2. That the following be the order of procession : corpses, clergy, mourners and ladies, executive council, direétors of the bank, judiciary, members of the legislature, court of hustings, common hall, citizens on foot, citizens on horseback.
Wm. Hay, JR.
Petersburg, a well built and flourishing town, is situated on the south bank of the Appomattox River, 22 miles south from Richmond, on the line of the great railroad route between New York and New Orleans. The South Side Railway comes in here from Lynchburg, 133 miles distant; another road, 10 miles long, connects it with Čity Point, on James River. It is the third town in Virginia, in population, and has some important manufactories. The falls of the river above Petersburg furnish extensive water power. It has several cotton and other factories, and numerous mills of various kinds. Population, is about 16,000.
The old Blandford Church, in the vicinity of Petersburg, is one of the most picturesque and interesting ruins in Virginia. It stands in the midsts
of a burial ground, upon an eminence overlooking the site of the ancient and now extinct village of Blandford, commanding an extensive and variegated prospect for miles around. The edifice is built in the form of the letter T, with a short column. Some of the most distinguished of Virginia's aristocracy worshiped within its walls, for Blandford was the focus of fashion and refinement, while Petersburg “was rudely struggling" for her present pre-eminence." But the glo
ry of the town and its church is deBLANDFORD CHURCH.
parted; Blandford is now only a su
burban hamlet of Petersburg, and the old temple dismantled of its interior decorations, is left to the occupancy of the bats and owls."
“Lone relic of the past, old moldering pile,
Where twines the ivy round thy ruin gray,
Once trod by lady fayre' and gallant gay!
Genius and worth and beauty-they are here!
While time-past voices touch the spirit's ear.”
As early as 1645–6, a fort, called Fort Henry, was established at the falls of the Appomattox, where Petersburg now is, for the defense of the inhabitants on the south side of James River.
In 1675, war being declared against the Indians, 500 men were ordered to proceed to the frontier, and eight forts garrisoned. Among these was the one near the falls of the Appomattox, at Maj. Gen. Wood's, " or over against him at one fort or defensible place at fleets, of which Maj. Peter Jones be captain or chief commander."
In 1728, fifty-three years after, Col. Byrd, on his return from the expedition in which he was engaged as one of the Virginia commissioners, in running the line between this state and North Carolina, mentions the site of Petersburg as follows: "At the end of thirty good miles, we arrived in the evening at Col. Boling's, where from a primitive course of life we began to relax into luxury. This gentleman lives within hearing of the falls of Appomattox River, which are very noisy whenever a flood happens to roll a greater stream than ordinary over the rocks. The river is navigable for small craft as high as the falls, and, at some distance from them, fetches a compass and runs nearly parallel with James River, almost as high as the mountains."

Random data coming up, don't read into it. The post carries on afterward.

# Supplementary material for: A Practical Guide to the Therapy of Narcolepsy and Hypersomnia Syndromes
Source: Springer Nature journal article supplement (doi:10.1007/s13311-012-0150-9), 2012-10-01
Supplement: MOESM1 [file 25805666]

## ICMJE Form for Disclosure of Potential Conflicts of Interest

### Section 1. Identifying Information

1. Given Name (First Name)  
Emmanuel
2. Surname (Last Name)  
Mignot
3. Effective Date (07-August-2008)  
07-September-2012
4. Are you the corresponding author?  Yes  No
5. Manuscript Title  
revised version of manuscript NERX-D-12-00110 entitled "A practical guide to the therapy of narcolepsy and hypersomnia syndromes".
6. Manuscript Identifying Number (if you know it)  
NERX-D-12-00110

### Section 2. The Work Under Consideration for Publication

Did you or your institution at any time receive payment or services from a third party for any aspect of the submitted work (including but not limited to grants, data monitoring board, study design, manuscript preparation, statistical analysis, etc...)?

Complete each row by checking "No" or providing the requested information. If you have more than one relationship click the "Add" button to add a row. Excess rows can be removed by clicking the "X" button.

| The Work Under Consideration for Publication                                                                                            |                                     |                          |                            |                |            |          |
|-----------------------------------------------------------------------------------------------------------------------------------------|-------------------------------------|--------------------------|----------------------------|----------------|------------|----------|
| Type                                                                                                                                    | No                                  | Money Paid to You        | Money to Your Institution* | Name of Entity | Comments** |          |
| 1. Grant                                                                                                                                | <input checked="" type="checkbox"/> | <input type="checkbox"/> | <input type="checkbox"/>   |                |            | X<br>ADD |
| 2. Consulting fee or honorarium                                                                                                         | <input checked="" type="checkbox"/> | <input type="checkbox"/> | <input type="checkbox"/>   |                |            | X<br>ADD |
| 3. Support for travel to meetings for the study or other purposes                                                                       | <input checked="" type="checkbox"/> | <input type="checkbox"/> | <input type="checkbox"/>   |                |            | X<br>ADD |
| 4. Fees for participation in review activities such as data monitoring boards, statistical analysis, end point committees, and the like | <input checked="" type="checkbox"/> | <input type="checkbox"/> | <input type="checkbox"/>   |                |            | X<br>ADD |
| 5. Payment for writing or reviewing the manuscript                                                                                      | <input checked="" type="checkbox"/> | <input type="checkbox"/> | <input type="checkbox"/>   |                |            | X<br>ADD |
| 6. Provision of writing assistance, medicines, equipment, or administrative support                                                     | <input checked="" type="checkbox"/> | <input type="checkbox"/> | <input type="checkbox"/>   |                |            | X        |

By an act passed in 1646, it appears that 600 acres of land adjacent to Fort Henry, together with all the “houses and edifices” appurtenant thereto, were at that time granted to Capt. Abraham Wood, in fee-simple ; yet he was not the earliest settler; for, by the same act, it appears that the land on which the fort stood, together with part of the adjacent 600 acres, had been gra ed to Thomas Pitt. He may, therefore, be considered the earliest proprietor of the site of Petersburg, it having been granted to him previous to 1646. The town derived its name from Peter Jones, who opened a trading establishment with the Indians at an early day, a few rods west of what is now the junction of Sycamore and Old-streets. The locality was called Peur's Point, subsequently changed to Petersburg. In the war of the revolution, Petersburg was twice
visited by the enemy. On the 22d of April, 1781, the British, under Gen. Phillips, left Williamsburg, sailed up the James, and on the 24th landed at City Point. "The next day," says Girardin's Hist. of Va., " they marched up to Petersburg, where Baron Steuben received them with a body of militia somewhat under 1,000 men. Although the enemy were 2,000 strong, Steuben opposed their progress. For two hours he skillfully and bravely disputed the ground with them; the assailants were twice broken, and precipitately ran back until sup. ported by fresh troops. During the interval of time just stated, they gained but a mile, and that by inches. The inferiority of the Virginians in numbers obliged them to withdraw about 12 miles up the Appomattox, till more militia should be assembled. They retired in good order over a bridge, which was taken up as soon as the militia passed, so as to secure their retreat. The whole loss of the Virginians, in killed, wounded and taken, amounted to about 60. That sustained by the enemy, was conjectured to be more considerable.”
NORFOLK City is situated on the north bank of Elizabeth River, 106 miles S. E. from Richmond, 8 miles from Hampton Roads, and 32 from the sea. The site of the city is low, and in some parts marshy, but the principal streets are well paved. It is the second city, in population, in Virginia, and has more foreign commerce than any other place in the state, and, to